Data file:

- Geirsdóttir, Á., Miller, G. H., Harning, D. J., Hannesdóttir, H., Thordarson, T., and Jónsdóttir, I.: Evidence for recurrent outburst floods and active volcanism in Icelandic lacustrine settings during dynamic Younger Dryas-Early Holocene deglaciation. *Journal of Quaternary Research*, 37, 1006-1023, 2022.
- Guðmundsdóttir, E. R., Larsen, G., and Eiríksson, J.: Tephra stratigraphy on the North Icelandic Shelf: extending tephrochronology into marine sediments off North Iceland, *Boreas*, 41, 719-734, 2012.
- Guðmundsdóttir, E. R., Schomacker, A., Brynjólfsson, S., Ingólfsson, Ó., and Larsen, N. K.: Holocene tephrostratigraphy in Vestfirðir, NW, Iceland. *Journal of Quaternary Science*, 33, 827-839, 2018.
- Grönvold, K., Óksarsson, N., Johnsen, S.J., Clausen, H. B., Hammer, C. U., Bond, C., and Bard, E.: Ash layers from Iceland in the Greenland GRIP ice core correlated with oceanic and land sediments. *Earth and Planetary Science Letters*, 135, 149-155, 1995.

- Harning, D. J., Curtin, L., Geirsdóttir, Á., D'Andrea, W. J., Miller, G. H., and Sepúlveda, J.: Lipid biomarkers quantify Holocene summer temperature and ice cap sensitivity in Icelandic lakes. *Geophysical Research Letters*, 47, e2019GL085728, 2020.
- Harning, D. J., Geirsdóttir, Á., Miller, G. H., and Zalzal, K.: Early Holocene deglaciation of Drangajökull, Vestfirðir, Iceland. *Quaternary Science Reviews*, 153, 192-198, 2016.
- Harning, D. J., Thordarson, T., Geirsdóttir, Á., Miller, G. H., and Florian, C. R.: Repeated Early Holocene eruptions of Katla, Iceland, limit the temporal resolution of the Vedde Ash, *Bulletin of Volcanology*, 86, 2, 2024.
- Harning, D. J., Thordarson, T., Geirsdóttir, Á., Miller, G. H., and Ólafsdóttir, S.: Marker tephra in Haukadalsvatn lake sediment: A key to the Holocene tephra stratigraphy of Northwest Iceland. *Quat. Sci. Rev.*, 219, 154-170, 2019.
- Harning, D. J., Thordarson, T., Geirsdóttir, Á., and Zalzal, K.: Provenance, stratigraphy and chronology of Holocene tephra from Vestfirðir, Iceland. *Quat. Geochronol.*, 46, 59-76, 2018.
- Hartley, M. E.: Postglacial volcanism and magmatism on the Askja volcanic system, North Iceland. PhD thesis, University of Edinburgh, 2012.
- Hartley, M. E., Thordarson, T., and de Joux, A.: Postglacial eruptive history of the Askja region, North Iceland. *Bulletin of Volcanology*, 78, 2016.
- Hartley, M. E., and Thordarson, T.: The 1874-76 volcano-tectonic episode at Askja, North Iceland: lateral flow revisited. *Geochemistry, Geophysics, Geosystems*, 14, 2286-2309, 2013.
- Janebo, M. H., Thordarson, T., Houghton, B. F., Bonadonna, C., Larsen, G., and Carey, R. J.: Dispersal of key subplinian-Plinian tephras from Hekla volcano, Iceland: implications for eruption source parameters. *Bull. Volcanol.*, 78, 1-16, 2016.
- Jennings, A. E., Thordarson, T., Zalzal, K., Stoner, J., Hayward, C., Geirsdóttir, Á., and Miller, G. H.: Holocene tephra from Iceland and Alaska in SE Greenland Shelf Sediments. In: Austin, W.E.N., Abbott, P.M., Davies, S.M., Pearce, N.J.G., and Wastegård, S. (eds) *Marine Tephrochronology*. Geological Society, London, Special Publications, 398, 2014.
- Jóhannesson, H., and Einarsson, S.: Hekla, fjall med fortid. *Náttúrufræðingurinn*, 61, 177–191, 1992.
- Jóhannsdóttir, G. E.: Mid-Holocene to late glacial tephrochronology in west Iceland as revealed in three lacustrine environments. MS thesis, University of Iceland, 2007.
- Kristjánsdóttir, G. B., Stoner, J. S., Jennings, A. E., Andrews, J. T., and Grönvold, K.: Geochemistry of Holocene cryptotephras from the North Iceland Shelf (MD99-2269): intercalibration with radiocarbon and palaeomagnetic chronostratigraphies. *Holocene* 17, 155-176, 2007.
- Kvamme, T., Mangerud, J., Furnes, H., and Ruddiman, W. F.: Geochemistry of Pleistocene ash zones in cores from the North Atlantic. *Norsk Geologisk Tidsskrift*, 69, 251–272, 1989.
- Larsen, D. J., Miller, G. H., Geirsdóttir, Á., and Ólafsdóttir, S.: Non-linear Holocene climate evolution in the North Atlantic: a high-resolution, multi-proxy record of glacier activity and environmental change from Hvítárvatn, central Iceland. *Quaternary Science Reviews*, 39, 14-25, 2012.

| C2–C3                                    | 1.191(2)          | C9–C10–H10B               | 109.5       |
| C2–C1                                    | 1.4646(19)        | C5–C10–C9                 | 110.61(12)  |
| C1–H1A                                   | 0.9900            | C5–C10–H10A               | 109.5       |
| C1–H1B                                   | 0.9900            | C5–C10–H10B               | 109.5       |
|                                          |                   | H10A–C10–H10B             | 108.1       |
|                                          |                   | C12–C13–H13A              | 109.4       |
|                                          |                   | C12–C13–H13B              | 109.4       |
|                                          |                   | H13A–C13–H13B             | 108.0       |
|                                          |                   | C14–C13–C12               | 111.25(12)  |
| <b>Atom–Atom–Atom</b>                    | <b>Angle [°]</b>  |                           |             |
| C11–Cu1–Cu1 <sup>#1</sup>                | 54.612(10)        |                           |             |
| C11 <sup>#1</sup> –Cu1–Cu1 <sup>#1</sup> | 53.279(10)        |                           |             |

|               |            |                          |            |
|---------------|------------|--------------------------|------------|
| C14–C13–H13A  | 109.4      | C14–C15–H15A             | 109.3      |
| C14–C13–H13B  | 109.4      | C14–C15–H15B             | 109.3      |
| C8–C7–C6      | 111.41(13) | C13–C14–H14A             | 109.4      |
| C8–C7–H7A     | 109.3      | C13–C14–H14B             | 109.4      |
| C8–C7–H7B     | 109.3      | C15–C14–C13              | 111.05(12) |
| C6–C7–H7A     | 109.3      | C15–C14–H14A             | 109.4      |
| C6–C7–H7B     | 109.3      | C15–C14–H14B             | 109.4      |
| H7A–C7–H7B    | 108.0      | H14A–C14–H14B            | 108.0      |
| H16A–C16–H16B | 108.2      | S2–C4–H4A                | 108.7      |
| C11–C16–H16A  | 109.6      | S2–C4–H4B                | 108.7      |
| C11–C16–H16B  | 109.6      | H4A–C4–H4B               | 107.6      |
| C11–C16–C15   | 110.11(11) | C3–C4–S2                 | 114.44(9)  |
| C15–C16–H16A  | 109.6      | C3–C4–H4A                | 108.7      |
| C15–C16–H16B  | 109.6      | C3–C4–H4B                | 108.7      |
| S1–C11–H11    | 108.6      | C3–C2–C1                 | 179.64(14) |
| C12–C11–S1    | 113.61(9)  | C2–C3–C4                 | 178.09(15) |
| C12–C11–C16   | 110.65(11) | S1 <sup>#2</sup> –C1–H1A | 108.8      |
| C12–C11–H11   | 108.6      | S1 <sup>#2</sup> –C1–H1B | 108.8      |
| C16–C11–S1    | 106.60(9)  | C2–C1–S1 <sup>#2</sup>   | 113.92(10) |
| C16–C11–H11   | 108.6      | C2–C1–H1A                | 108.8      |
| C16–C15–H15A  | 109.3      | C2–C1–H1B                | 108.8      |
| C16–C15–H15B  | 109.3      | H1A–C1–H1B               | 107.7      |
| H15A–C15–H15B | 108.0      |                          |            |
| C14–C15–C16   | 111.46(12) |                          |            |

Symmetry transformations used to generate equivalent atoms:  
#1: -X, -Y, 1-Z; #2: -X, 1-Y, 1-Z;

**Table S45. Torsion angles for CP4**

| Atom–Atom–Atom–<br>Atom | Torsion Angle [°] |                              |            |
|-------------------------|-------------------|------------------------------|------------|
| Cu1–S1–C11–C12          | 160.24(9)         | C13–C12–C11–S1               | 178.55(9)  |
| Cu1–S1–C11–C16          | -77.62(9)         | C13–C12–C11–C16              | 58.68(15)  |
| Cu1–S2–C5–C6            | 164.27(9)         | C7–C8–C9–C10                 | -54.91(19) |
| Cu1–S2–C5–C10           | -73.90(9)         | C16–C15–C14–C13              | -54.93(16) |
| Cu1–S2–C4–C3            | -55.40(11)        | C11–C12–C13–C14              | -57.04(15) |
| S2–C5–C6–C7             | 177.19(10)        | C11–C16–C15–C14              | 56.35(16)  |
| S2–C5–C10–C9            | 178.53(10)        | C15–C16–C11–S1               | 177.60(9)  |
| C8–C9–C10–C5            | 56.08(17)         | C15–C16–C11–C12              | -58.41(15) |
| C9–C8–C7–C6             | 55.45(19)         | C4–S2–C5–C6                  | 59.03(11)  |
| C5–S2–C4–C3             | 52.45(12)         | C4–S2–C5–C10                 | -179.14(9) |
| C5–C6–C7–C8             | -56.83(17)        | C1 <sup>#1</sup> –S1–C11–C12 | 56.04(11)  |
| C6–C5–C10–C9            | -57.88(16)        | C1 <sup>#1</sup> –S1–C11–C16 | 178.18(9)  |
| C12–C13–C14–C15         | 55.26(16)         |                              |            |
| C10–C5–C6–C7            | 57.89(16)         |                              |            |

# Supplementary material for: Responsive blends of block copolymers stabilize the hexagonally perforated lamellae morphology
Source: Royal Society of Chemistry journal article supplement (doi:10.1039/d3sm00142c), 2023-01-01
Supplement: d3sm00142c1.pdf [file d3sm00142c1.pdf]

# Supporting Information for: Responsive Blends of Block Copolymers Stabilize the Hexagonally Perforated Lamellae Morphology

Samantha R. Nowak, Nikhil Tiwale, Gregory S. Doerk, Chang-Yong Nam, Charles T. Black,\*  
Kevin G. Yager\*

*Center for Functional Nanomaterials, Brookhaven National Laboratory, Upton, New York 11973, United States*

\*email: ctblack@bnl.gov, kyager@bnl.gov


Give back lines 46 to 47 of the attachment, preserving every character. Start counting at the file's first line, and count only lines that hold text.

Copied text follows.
| C15–C16–H16A  | 109.6      | C3–C4–H4A                | 108.7      |
| C15–C16–H16B  | 109.6      | C3–C4–H4B                | 108.7      |